What is Ohio law on strip clubs? Charge that led to Stormy Daniels’ Ohio arrest explained

The misdemeanor charge that was dismissed against porn star Stormy Daniels after a performance at a Columbus strip club Wednesday night was the same allegation made against several dancers after an investigation and raid at The Harem last year.

Daniels, whose real name is Stephanie Clifford, had been scheduled to appear in Franklin County Municipal Court on Friday before the charge was dropped. She was accused of putting both hands on an undercover female police officer’s buttocks and breast and putting her own breast in the officer’s face, according to the complaint.

RELATED: No prison time yet for 11 defendants from The Harem

The Ohio Revised Code statute reads, in part: “No employee who regularly appears nude or seminude on the premises of a sexually oriented business, while on the premises of that sexually oriented business and while nude or seminude, shall knowingly touch a patron.”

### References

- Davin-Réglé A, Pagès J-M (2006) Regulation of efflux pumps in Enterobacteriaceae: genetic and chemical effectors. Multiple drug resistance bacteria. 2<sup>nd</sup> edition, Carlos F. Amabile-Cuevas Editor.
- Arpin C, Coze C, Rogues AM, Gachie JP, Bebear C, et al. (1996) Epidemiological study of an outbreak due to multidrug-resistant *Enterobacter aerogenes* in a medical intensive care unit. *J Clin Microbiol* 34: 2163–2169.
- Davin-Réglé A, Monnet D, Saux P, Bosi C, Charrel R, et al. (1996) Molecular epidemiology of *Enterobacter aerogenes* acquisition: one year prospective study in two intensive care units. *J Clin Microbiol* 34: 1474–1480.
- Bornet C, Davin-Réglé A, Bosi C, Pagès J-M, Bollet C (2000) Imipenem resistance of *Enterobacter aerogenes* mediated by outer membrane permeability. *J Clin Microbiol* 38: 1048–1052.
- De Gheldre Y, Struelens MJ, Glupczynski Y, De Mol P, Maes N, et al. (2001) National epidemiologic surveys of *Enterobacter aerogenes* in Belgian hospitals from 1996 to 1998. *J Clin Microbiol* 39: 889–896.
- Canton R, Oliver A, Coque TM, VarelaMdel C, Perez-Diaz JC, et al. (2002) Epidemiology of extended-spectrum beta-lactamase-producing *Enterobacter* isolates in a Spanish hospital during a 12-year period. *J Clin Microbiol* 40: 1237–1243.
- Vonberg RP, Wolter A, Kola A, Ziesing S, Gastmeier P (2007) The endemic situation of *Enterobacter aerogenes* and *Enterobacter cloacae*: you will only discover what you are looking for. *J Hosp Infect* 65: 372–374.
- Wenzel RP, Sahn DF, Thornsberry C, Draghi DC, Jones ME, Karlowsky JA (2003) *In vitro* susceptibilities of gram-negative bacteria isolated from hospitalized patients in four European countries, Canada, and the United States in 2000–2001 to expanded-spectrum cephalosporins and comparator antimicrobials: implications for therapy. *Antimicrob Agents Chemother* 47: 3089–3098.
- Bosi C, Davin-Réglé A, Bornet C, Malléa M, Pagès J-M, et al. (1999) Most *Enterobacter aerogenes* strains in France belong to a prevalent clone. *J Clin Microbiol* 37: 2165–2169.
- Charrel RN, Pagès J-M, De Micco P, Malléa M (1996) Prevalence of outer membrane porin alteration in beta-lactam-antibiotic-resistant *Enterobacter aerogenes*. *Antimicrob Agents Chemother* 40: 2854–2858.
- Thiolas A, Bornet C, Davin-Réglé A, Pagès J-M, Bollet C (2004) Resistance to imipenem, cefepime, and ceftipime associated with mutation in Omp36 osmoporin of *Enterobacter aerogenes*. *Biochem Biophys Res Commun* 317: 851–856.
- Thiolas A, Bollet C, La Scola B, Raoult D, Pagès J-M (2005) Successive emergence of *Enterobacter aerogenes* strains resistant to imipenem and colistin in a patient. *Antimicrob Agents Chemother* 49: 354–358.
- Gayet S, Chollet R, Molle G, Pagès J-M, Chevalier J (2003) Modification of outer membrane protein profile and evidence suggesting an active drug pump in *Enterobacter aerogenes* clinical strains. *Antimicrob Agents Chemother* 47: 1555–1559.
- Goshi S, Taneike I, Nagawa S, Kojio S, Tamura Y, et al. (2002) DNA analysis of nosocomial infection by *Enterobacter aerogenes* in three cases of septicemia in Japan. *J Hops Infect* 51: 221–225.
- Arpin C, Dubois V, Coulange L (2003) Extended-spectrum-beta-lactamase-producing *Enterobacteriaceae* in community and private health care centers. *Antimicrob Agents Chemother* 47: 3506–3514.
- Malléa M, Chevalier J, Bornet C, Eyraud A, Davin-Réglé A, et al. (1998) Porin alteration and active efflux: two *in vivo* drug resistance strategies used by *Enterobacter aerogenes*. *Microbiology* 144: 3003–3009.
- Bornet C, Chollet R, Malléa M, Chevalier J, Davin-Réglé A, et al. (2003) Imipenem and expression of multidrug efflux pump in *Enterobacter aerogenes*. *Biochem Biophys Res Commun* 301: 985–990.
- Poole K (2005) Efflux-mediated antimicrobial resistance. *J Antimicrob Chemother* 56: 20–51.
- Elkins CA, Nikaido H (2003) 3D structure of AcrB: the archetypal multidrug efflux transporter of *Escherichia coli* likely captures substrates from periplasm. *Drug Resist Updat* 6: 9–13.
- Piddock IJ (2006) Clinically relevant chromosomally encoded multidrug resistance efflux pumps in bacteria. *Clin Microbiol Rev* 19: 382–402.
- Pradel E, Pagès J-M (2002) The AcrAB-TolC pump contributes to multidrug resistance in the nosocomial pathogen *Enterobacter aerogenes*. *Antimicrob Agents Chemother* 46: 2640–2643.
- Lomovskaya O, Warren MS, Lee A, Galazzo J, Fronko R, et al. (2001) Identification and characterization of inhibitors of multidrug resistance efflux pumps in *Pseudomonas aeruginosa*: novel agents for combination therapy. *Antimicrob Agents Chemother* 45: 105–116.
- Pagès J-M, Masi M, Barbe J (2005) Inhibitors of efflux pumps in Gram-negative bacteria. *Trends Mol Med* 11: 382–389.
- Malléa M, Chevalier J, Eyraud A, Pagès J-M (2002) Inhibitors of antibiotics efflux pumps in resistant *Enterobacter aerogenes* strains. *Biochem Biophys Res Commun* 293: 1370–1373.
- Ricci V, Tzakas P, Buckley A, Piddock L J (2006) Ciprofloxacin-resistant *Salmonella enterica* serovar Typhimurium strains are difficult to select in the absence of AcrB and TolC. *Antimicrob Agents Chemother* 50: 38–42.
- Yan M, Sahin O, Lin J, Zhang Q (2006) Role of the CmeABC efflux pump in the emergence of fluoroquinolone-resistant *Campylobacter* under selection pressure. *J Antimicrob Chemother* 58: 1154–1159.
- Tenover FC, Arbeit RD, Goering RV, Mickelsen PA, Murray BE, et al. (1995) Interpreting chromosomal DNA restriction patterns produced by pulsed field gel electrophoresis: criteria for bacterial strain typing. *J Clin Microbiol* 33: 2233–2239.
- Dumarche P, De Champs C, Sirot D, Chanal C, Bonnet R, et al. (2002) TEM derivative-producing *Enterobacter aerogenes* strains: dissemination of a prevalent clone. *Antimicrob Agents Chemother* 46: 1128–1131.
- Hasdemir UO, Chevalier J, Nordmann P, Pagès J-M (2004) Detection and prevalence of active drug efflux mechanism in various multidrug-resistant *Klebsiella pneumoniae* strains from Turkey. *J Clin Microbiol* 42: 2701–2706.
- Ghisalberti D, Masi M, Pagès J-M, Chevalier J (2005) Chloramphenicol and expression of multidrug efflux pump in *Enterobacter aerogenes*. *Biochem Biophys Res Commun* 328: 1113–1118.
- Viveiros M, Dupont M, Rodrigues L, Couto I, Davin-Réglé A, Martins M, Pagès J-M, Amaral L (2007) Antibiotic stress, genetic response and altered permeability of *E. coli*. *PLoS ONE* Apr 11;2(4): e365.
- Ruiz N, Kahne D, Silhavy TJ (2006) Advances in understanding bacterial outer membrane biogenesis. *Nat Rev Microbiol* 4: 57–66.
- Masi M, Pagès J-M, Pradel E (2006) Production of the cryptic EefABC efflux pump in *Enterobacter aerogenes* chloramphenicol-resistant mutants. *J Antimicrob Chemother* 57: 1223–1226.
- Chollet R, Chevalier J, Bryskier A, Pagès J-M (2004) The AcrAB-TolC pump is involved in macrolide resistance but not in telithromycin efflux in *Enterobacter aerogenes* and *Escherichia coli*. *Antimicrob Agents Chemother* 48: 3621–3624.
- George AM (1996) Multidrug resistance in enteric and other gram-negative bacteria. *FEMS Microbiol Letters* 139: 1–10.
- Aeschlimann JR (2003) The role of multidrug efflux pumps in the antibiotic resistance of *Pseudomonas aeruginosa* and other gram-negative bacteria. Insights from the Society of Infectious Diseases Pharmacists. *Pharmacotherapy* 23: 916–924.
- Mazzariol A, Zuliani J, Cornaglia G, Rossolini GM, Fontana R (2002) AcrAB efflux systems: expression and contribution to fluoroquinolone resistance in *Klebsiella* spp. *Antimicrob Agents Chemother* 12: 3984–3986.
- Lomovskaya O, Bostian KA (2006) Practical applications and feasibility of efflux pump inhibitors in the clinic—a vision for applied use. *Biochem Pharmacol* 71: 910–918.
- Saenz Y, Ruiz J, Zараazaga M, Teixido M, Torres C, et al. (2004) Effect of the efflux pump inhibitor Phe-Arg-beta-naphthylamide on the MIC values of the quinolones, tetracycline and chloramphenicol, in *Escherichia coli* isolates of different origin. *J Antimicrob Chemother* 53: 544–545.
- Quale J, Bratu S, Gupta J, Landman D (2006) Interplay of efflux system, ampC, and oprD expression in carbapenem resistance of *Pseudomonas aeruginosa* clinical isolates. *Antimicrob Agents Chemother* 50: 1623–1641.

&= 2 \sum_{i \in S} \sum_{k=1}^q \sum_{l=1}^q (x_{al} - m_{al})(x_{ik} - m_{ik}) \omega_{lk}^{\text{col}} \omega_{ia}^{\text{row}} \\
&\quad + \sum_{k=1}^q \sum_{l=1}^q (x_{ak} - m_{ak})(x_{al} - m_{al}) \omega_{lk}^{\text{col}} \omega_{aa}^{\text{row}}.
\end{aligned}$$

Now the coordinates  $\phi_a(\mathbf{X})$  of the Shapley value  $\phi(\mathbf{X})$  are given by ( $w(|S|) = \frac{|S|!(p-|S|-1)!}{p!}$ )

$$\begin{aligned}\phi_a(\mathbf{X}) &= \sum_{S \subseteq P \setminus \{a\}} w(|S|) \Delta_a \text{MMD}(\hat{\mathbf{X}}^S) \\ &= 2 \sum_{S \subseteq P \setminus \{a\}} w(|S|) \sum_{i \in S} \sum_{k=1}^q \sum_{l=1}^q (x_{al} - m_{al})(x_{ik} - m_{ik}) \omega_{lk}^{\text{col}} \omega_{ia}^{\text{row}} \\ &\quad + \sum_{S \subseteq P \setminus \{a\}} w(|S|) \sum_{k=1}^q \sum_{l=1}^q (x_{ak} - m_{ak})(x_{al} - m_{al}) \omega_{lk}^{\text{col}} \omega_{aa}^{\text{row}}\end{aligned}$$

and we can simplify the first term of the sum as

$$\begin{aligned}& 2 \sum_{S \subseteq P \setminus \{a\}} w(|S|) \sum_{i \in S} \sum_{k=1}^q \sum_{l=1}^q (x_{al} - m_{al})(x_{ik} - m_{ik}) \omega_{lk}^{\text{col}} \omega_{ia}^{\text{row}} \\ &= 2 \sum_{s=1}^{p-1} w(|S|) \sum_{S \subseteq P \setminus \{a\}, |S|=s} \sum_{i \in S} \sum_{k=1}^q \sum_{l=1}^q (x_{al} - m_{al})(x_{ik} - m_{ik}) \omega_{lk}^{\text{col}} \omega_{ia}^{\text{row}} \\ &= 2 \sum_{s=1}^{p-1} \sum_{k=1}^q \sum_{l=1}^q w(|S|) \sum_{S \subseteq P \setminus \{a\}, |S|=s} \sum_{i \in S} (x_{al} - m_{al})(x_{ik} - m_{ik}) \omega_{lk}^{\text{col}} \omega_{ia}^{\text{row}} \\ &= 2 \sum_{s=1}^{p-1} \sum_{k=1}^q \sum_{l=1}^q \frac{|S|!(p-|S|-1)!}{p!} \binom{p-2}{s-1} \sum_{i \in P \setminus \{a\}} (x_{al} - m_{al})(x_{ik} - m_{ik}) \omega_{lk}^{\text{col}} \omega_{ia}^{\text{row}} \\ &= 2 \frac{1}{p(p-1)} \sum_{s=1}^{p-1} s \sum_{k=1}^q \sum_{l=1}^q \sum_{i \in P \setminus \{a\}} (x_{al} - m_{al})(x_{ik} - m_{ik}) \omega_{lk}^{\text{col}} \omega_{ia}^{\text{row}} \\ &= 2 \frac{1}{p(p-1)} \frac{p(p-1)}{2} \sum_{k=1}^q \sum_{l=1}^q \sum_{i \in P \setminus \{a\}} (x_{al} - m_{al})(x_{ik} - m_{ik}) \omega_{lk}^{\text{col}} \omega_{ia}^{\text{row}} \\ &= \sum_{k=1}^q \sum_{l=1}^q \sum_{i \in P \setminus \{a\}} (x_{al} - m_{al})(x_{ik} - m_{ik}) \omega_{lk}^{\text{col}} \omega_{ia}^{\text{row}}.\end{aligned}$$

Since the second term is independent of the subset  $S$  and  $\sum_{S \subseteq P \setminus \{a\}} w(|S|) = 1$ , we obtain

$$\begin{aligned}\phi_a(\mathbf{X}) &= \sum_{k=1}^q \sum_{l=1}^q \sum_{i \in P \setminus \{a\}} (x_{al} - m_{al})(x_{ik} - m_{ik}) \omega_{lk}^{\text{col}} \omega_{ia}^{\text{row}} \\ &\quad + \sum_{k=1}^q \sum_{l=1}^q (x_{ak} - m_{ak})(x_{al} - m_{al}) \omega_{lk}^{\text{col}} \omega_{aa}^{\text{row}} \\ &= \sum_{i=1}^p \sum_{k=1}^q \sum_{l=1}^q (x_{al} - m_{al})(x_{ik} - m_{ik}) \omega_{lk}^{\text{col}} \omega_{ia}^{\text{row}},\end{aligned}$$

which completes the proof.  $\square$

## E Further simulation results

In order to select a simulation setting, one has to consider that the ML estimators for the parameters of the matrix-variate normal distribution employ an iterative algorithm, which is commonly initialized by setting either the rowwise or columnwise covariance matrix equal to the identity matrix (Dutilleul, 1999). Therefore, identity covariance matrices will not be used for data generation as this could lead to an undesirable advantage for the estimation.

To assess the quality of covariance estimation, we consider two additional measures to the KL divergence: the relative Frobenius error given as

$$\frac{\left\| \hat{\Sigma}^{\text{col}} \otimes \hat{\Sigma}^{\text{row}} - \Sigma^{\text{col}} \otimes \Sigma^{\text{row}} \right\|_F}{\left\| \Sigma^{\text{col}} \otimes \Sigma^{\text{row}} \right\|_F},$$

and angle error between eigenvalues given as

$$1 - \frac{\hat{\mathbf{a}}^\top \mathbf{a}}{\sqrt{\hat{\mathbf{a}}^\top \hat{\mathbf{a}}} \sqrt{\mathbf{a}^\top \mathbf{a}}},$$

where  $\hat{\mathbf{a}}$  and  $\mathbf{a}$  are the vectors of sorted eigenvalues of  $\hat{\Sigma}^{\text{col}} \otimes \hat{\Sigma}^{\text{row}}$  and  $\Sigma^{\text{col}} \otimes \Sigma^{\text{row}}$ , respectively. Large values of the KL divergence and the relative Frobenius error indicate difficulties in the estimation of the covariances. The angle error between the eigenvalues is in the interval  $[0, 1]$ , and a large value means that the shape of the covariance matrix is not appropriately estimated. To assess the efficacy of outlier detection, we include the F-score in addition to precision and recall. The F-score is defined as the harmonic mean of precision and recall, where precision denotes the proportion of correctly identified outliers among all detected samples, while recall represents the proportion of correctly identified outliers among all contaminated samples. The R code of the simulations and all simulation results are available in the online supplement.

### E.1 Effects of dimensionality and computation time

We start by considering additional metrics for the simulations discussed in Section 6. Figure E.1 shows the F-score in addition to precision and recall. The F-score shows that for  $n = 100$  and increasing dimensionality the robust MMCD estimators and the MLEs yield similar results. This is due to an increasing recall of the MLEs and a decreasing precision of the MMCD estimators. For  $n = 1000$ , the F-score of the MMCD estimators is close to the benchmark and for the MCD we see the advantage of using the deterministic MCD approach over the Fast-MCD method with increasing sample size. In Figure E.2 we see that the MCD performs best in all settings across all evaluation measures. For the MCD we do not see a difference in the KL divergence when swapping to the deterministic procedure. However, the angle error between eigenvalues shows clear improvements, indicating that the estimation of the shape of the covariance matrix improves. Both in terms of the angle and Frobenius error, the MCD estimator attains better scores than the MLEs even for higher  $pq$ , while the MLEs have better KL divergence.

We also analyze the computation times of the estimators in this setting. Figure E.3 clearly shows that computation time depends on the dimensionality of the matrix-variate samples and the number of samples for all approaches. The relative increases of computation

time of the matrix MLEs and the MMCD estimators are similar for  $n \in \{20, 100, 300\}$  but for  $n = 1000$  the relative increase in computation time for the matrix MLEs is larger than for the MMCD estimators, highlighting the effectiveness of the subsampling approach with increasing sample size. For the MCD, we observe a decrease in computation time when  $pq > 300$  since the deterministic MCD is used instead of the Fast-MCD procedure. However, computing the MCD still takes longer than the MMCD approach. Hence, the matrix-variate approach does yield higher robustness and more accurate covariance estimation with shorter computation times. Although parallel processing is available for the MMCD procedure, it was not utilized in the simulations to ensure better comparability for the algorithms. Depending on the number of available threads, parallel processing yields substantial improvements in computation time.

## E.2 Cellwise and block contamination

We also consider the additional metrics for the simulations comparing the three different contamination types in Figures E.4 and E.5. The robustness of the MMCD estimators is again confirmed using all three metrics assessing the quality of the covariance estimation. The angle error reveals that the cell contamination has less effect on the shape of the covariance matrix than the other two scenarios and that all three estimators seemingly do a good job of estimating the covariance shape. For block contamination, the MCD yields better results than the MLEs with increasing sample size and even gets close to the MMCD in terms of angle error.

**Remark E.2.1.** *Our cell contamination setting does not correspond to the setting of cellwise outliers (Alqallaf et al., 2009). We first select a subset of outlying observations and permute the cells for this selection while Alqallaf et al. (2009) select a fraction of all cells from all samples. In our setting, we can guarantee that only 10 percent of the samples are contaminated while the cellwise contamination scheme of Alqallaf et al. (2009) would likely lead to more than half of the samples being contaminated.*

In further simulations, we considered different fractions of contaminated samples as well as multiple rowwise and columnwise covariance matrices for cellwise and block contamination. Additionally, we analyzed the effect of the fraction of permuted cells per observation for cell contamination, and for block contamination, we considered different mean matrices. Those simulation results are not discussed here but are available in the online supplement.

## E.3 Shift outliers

Like the defendants in The Harem case, Daniels was described as wearing a G-string and being topless during the alleged activity.

The prosecution of an 84-count indictment against 11 defendants at the Harrison Twp. club called a “sex and drug den” by Montgomery County Prosecutor Mat Heck. Jr. led to only one prison sentence.

RELATED: Agent describes sex, drug transactions at the club

Samantha Clay, 29, of Dayton, faced 33 counts and pleaded guilty in March to one count of engaging in a pattern of corrupt activity, four counts of illegal sexual activity in a sexually oriented business, three counts of cocaine trafficking, seven counts of aggravated drug trafficking and two counts of illegal use of food stamps.

Clay was sentenced to three years in prison for the conspiracy charge, and all other counts were run concurrently. For the illegal sexual activity count (like Daniels faces), Clay was sentenced to 90 days local incarceration.

RELATED: Judge orders Harem nightclub to close for one year

Five other dancers among the defendants received either probation or intervention in lieu of conviction (ILC) for violating the law in question.

Heck was successful in a civil action to shutter the business for a year by having it declared a nuisance. The Ohio Liquor Control Commission also recently revoked the club’s liquor permit.

A billboard on Interstate 75 for months has touted Daniels’ appearance at a Dayton-area club in early August.

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